the real also meant that the dynamic language of willing was
finally able to confess its secret. All along the “will to power” had
never been anything more than a brilliant inferno for the
liquidation of the “real” and for the processing of society into the
dark and seductive empire of the sign.
If Nietzsche screams out a warning that the postmodernist
(and thus #nihilistic) #imagination always begins with the world in
reverse image (the real as the site of exterminism), then Chirico
paints the #landscape of power/sign. With Nietzsche, Chirico’s
vision begins on the other side, the abstract and nihilating side, of
the radical paradigm-shift which is what postmodern experience
is all about. Landscape Painter, like all of Chirico’s tragic
productions, from Turin, Spring (the decoupling of space and
satire on the classical episteme of history) to Two Masks (the
liquidation of human identity) and Mystery and MeZanchoZyo f a
Street (the cancellation of the space of the social); is based on
three decisive refusals of representational discourse: a rejh.raZ of‘
the referent of&e h&oricaZ (Chirico privileges the spatial sense and
excludes a sense of time); a refasalof the reality-princz$Zeo f the social
(there are no human presences, only an instant and melancholy
metamorphosis into a universe of dead signs); and a refusal of the
dialectic (here there is no suppressed region of truth-claims, only
an eclectic and randomized system of objects situated in relations
of spatial contiguity). What is, perhaps, most disquieting about
Chirico’s artistic productions is that in refusing the referential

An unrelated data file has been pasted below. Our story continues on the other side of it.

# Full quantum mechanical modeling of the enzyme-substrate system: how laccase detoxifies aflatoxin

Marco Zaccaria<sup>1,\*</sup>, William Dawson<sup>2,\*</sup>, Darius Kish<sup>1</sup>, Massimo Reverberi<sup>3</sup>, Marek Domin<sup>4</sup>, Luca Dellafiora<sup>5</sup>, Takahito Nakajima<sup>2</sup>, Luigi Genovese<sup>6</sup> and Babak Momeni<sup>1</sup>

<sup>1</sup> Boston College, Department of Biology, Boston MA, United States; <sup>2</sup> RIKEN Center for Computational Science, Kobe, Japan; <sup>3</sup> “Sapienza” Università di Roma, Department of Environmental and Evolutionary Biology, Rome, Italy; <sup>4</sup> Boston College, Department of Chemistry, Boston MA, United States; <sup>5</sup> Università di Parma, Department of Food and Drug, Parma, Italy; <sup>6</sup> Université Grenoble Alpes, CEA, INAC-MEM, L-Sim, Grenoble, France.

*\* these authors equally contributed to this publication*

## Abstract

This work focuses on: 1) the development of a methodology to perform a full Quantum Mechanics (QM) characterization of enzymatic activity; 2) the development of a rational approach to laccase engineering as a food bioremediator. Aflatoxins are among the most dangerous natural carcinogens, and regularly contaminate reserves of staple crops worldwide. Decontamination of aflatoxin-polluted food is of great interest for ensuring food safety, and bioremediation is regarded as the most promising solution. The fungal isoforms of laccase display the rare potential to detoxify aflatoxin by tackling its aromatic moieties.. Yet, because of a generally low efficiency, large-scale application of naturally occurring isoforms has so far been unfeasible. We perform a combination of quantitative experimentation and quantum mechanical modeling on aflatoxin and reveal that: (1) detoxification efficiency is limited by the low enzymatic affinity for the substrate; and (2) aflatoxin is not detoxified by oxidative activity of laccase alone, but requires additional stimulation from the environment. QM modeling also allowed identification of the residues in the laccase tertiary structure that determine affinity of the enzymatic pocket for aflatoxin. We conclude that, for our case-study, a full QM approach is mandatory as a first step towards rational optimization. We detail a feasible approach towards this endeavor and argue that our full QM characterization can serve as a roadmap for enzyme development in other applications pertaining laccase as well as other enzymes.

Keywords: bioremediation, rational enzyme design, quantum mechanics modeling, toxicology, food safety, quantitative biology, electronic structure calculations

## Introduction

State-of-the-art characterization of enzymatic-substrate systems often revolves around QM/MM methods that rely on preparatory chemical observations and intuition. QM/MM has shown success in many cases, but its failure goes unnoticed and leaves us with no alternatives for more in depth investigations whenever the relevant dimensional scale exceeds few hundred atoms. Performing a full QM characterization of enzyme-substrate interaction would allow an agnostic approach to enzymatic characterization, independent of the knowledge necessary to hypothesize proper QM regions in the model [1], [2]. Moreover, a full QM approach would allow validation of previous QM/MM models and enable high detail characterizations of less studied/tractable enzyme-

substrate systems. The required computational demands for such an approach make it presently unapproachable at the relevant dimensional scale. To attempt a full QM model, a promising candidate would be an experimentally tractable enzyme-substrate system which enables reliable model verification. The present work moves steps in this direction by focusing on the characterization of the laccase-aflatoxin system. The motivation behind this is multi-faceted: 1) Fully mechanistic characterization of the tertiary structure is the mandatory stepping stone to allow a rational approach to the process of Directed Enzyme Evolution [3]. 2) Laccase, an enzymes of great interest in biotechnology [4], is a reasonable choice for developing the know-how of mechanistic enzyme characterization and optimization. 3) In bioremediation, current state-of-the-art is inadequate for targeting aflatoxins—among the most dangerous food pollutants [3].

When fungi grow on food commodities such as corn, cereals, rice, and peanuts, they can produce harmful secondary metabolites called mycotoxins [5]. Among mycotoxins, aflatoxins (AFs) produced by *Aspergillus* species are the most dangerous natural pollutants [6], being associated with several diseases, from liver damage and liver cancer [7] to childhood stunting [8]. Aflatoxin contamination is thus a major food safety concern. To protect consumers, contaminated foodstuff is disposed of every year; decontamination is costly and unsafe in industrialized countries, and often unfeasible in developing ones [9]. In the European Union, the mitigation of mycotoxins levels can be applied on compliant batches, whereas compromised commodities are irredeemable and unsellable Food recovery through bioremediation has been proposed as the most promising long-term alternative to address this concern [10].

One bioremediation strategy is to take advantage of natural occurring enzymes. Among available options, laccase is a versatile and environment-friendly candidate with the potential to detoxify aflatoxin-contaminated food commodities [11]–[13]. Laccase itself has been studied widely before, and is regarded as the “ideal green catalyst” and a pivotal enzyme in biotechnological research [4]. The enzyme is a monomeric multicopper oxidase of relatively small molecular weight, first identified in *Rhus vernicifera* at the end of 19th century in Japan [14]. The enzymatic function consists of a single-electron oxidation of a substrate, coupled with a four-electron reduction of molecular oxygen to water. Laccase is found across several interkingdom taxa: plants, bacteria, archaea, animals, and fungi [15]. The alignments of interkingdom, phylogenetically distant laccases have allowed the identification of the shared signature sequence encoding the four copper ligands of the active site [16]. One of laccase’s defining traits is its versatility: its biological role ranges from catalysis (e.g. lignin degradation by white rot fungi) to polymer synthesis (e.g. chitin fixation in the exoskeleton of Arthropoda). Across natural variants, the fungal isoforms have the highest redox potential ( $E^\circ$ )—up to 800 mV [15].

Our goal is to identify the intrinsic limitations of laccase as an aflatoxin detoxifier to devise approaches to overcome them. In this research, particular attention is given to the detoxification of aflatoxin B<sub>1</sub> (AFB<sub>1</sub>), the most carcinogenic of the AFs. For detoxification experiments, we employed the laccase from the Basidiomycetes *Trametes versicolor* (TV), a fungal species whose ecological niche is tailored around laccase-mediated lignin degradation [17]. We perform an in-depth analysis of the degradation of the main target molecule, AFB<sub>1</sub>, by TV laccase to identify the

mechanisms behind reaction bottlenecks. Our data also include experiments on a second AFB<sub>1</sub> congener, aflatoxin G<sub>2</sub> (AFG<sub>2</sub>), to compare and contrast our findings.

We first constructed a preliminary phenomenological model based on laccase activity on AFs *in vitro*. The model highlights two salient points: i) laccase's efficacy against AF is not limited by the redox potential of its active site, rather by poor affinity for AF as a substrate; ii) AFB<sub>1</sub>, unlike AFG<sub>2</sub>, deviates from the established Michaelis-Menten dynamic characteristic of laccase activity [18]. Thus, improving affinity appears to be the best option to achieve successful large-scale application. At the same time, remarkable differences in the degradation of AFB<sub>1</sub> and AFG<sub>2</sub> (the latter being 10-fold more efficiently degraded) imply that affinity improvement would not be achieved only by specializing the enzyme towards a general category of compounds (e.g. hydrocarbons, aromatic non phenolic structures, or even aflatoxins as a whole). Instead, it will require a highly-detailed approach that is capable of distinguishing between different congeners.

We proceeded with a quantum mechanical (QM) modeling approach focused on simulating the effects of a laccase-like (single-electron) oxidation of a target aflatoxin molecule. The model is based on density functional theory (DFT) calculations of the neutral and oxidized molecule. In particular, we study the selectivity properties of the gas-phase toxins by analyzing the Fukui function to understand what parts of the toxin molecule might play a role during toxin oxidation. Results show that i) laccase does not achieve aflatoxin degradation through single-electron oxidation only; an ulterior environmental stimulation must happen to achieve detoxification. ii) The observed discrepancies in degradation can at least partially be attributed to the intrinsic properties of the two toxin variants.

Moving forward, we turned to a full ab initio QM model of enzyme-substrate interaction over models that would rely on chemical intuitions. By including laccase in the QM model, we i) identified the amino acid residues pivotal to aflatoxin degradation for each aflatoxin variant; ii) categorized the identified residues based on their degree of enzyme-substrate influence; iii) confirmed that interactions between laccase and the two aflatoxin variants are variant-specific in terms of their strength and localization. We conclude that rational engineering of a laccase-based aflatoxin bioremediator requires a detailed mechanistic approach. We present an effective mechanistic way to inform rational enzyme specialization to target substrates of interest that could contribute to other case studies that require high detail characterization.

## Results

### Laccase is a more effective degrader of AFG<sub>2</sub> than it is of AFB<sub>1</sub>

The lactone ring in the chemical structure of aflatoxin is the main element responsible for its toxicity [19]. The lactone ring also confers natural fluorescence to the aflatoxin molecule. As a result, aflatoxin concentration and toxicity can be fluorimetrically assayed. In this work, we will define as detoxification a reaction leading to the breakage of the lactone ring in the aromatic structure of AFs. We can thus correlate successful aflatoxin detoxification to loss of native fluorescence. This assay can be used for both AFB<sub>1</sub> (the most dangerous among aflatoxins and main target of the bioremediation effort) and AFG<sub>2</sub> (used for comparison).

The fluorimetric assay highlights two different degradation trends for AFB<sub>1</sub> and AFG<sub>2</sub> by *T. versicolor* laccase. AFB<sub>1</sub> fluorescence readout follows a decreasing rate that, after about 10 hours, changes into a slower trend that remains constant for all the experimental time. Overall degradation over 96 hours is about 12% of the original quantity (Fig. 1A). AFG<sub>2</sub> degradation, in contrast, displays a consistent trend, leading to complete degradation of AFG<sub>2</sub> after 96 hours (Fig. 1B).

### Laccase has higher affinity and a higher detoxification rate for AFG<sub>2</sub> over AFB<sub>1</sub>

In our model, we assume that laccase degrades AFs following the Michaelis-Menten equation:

logic of the sign and its signifying finalities, he ruptured the
dialectical logic of western consciousness. There are no “poles”
in LandscapePainter; for Chirico is tracing a great, and reverse, arc
in the cycle of modern power – an arc in which power in the form
of an empty sign-system becomes nothing more than a perspectival
simulationof itself. It’s the lack of signification in LandscapeP ainter
that is most noticeable; and which, indeed, parallels most closely
the absencoef (embodied) power in The willto Power.L ike Nietzsche
before him, Chirico recognized the structural logic of the sign as
the essence of the language of power. This is why Chirico was
able to trace so brilliantly the accelerating semiological implosion
(the geometry of the sign) in postmodern experience, His was a
world populated by bionic beings (The Return of the Prodigal Son),
by objects floating free of their “natural” contexts (The Song of
Love), by an almost menacing sense of silence as the background
to the liquidation of the social (Be Enigma of Fate), and by a
complex hieroglyphics of the sign as the geometric, and thus
perspectival, space within which we are now enclosed (Hector and
Andromache). Chirico understood that the conjuncture of power/
sign brought to the surface the missing third term in postmodernist
theorisations of power: the “will to will” as the abstract, semiological
unity imposed on an order of experience which was always
only a system of mirroring-effects. For Chirico, this’hint of death
in the language of the sign was its great seduction, drawing out
the political refusal of the “referential illusion,“, and making
power interesting only when it reveals the reverse, hidden side of
things: mutilation, liquidation, and exterminism.” “